With Sage, advanced machine learning algorithms will be moved to “the edge.” Edge computing is a way to streamline data flowing from Internet of Things (IoT) devices by providing data analysis very near the site where the data is gathered. By linking small, powerful, computers directly to high-resolution cameras, air quality and weather sensors, and experimental Light Detection and Ranging (LIDAR) systems, this new distributed infrastructure will enable researchers to analyze and respond to data almost instantly. From early detection of wildfire smoke plumes in California to identifying ultrasonic calls of bats or the patterns of pedestrians in a busy crosswalk, Sage’s artificial intelligence-enabled sensors will give scientists a new tool to understand our planet.
These distributed, intelligent sensor networks will prove essential for understanding the impacts of global urbanization, natural disasters, such as flooding and wildfires, and climate change on natural ecosystems and city infrastructure. However, many of today’s distributed systems struggle with the immense volume of streaming data that high-fidelity sensors can provide. Some systems resort to saving the data on hard drives that a technician traveling to the instrument might retrieve just a few times a year. Other systems manage the data deluge by only collecting a small portion of the valuable input and uploading it to a cloud server for analysis via a slow wireless link. To address this challenge, Sage will embed computers directly into the sensor network and rely on advancements in edge computing to analyze the torrent of sensor data as it streams past.
Sage’s name is inspired by nature: the perennial flowering plant. But it also conveys other connotations associated with the word, such as wisdom and good judgement. The new cyberinfrastructure project will be enhanced by a set of partnerships with existing scientific instruments that span contexts from urban (NSF-funded Array of Things) to continental-scale (NSF’s National Ecological Observatory Network, or NEON), and with regional instruments focused on understanding and responding to emergencies, such as severe storms (Atmospheric Radiation Measurement, or ARM) and wildfires (High-Performance Wireless Research and Education Network and WIFIRE). Sage will be able to integrate measurements from these multiple modalities. With the development of this new intelligent, or “software-defined” sensor network, researchers will be able to better collect and analyze data that is essential for understanding the impacts of wildfires, global urbanization, and climate change.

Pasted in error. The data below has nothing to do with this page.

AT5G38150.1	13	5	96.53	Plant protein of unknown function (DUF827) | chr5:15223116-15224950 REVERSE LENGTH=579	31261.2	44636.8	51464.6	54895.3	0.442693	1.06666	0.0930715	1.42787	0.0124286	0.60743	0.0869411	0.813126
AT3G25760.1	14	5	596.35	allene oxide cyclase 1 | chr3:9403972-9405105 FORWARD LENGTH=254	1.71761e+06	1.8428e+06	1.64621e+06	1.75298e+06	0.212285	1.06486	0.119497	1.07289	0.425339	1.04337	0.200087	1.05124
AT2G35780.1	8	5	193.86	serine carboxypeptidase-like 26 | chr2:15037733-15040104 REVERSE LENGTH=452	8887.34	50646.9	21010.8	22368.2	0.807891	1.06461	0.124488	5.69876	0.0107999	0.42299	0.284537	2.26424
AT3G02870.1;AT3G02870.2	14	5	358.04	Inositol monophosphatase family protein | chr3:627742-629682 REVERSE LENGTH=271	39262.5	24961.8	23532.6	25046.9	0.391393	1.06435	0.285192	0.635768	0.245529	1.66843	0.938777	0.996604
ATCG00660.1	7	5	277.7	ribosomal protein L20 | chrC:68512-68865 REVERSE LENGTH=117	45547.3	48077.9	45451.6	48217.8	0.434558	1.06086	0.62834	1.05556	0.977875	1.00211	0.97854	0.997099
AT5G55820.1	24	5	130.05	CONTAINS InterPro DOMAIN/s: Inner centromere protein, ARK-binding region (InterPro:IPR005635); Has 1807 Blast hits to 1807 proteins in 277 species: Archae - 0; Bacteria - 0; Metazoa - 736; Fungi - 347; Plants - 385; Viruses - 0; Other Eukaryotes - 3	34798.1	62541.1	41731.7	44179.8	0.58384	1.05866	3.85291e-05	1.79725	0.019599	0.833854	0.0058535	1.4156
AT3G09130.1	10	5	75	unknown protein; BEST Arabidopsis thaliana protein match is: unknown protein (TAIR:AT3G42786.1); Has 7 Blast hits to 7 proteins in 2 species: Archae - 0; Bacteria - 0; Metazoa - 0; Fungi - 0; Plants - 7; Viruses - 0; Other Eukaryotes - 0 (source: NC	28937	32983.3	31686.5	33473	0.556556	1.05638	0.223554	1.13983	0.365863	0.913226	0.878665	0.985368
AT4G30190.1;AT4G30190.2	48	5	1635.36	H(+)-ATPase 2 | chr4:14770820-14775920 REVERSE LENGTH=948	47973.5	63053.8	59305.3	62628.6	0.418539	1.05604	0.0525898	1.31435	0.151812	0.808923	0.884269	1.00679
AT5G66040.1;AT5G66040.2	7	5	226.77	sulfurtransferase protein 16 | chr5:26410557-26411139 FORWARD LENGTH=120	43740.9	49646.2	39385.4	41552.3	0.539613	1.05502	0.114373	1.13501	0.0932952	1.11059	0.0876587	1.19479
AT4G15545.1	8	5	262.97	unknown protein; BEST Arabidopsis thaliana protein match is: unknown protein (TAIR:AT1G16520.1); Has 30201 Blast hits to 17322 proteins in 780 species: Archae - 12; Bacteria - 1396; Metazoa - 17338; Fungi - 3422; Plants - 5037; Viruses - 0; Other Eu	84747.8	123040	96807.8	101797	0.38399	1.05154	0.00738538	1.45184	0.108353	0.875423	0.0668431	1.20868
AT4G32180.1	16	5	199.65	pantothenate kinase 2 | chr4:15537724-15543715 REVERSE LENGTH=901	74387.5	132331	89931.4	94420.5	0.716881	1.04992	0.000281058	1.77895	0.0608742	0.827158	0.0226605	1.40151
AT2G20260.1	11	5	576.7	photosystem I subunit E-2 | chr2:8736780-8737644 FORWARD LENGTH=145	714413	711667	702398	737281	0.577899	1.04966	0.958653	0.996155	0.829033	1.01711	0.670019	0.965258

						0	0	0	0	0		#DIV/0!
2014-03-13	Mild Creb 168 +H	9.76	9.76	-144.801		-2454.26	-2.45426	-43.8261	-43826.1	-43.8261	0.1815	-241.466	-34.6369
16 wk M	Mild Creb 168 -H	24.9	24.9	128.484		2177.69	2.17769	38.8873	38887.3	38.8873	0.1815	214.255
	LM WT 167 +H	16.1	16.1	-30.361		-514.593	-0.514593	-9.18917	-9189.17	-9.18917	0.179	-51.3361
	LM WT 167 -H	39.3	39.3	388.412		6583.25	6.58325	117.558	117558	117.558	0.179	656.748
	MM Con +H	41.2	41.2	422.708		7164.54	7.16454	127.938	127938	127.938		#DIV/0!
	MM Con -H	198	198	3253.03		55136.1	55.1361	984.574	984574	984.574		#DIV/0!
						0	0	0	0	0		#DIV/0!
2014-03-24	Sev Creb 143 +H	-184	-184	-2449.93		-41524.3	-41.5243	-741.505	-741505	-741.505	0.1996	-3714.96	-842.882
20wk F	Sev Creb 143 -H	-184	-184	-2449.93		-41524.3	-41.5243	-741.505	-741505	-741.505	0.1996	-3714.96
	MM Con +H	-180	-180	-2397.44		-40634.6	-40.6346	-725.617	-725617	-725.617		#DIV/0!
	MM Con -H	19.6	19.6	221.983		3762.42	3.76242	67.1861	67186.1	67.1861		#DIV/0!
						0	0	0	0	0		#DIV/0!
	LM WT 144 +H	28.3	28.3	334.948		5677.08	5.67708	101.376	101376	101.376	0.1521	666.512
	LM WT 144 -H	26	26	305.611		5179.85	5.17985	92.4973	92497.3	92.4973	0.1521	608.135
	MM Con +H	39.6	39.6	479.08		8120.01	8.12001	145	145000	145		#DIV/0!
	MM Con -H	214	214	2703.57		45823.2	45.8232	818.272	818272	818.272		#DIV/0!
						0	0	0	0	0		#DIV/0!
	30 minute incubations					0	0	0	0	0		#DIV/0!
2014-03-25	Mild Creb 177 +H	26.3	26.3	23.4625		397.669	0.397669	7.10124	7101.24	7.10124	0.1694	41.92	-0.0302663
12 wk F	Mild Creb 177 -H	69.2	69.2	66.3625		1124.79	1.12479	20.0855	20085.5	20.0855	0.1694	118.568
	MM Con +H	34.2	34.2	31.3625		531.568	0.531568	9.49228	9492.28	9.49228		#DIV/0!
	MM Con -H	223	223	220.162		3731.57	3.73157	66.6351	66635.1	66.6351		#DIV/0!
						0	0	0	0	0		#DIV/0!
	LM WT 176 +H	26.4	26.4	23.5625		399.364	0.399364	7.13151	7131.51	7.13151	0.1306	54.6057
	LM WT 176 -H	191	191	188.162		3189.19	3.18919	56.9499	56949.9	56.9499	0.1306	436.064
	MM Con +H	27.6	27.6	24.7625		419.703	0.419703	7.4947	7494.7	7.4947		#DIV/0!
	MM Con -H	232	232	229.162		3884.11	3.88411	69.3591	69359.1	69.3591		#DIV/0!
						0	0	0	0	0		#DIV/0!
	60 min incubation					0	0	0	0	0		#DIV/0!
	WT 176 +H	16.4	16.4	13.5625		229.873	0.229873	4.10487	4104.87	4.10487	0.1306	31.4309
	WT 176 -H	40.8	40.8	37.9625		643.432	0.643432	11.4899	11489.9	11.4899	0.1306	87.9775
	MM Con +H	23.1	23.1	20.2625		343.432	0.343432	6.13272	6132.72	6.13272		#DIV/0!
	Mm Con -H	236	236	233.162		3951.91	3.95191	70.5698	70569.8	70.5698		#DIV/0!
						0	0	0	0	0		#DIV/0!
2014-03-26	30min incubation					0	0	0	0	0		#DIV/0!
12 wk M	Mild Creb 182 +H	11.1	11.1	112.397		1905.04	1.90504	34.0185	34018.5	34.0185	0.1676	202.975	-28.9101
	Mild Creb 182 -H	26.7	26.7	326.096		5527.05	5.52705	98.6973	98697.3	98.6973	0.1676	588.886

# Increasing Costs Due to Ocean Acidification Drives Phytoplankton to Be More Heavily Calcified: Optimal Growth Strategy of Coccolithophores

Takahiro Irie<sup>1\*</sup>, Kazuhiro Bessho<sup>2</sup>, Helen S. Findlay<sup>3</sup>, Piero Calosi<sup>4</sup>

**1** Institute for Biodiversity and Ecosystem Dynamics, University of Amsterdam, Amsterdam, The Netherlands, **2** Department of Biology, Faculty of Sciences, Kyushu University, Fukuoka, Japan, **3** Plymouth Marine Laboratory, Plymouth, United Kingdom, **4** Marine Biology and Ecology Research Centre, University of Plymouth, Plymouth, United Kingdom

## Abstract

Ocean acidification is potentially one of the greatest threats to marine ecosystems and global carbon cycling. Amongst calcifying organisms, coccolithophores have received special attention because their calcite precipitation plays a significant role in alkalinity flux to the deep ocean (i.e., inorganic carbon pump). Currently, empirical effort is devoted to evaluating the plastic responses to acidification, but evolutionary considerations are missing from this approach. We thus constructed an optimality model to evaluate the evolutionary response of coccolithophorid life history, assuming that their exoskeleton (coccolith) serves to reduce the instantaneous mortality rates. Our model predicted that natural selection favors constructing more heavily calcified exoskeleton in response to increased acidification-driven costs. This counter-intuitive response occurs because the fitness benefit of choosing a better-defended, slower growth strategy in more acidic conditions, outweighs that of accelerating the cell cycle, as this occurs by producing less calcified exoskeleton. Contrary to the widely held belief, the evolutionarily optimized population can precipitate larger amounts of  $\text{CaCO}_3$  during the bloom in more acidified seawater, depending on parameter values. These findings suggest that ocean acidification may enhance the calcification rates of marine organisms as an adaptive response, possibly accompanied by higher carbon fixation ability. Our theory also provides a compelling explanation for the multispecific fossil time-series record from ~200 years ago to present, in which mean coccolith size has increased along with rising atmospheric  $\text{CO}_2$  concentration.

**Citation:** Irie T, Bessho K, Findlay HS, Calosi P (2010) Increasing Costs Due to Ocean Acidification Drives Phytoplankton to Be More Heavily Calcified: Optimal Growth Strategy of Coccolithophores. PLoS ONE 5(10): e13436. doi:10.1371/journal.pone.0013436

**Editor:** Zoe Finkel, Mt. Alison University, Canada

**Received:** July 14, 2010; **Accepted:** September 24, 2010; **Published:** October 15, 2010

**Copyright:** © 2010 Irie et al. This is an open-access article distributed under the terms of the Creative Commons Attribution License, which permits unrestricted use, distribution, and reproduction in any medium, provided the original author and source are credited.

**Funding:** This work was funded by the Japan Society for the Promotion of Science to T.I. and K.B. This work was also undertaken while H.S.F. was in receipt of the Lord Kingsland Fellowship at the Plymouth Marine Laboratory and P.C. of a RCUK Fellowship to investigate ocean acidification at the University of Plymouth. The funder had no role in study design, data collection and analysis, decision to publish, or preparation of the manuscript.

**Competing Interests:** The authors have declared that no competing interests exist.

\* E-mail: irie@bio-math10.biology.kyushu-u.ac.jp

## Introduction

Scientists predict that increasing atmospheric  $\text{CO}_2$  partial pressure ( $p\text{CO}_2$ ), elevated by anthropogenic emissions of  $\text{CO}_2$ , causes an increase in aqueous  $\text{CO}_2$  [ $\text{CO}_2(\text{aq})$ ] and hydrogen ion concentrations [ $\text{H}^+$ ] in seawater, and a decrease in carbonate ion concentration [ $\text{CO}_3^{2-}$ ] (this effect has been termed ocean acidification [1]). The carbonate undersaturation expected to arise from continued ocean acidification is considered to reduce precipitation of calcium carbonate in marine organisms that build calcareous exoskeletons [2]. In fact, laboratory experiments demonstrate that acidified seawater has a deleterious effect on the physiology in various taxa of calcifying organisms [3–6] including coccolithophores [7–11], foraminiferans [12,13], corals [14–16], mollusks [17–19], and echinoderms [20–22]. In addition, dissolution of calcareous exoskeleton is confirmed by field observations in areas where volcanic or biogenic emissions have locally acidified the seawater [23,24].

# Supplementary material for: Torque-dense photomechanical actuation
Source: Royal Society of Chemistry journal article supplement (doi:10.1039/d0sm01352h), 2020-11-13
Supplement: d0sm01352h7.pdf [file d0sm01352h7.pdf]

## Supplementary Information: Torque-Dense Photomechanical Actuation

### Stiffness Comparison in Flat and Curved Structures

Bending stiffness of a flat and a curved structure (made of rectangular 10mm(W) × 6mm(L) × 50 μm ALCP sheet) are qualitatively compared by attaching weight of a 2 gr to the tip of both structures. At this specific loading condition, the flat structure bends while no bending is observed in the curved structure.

Sage test nodes will be deployed in environmental locations in California, Colorado, and Kansas and in urban settings in Illinois and Texas. The project will build on the open source technology platform used in the Array of Things project, which has deployed more than 100 sensors with edge computing capabilities within Chicago.
The research team that includes the University of Chicago, George Mason University, the University of California San Diego, Northern Illinois University, the University of Utah, the Lincoln Park Zoo, and collaborators at Argonne National Laboratory will design and build reusable software components and cyberinfrastructure services to support the new scientific measurement functions. These measures will range from in-situ analysis of high-bandwidth sensor data streams to adaptive system behaviors, such as adjusting the sampling rates and directional settings of LIDAR instruments or high-resolution cameras to capture events in more detail. While the traditional method of reducing data volume on remote NEON towers works well for steady state conditions, Sage will provide the ability to detect ecosystem changes of interest at continental scale, allowing scientists to apply more sophisticated analytics in the field, capturing much greater detail on these changes.
Sage will be programmable cyberinfrastructure — allowing edge software that can monitor everything from wildfires to wolf calls, and from urban traffic flows to rural lightning strikes. With Sage, mountaintop networking towers in Southern California, and part of the HPWREN and WIFIRE project will be able to analyze camera data for natural hazards and even autonomously redirect cameras to zoom in on regions of interest.
The reusable cyberinfrastructure running on these Sage testbeds will give climate, traffic, and ecosystem scientists new data for building models to study coupled systems. The software and hardware components developed in Sage will be open-source and provide an open architecture to enable scientists from a range of fields to build their own intelligent sensor networks. The Waggle edge computing platform, developed at Argonne National Laboratory, will be the starting point for the intelligent nodes deployed across the country. Waggle was launched in 2013 to permit a new breed of sensor-driven environmental science and smart city research.
The Sage team will also extend the current educational curriculum used in Chicago and will inspire young people — with an emphasis on women and underrepresented populations — to pursue science, technology, and mathematics careers by providing a platform for students to explore measurement-based science questions related to the natural and built environments.
The capabilities of machine learning and artificial intelligence didn’t exist a decade ago. Sage opens the door to scientists who will be able to write code that can measure a near limitless number of urban and environmental elements.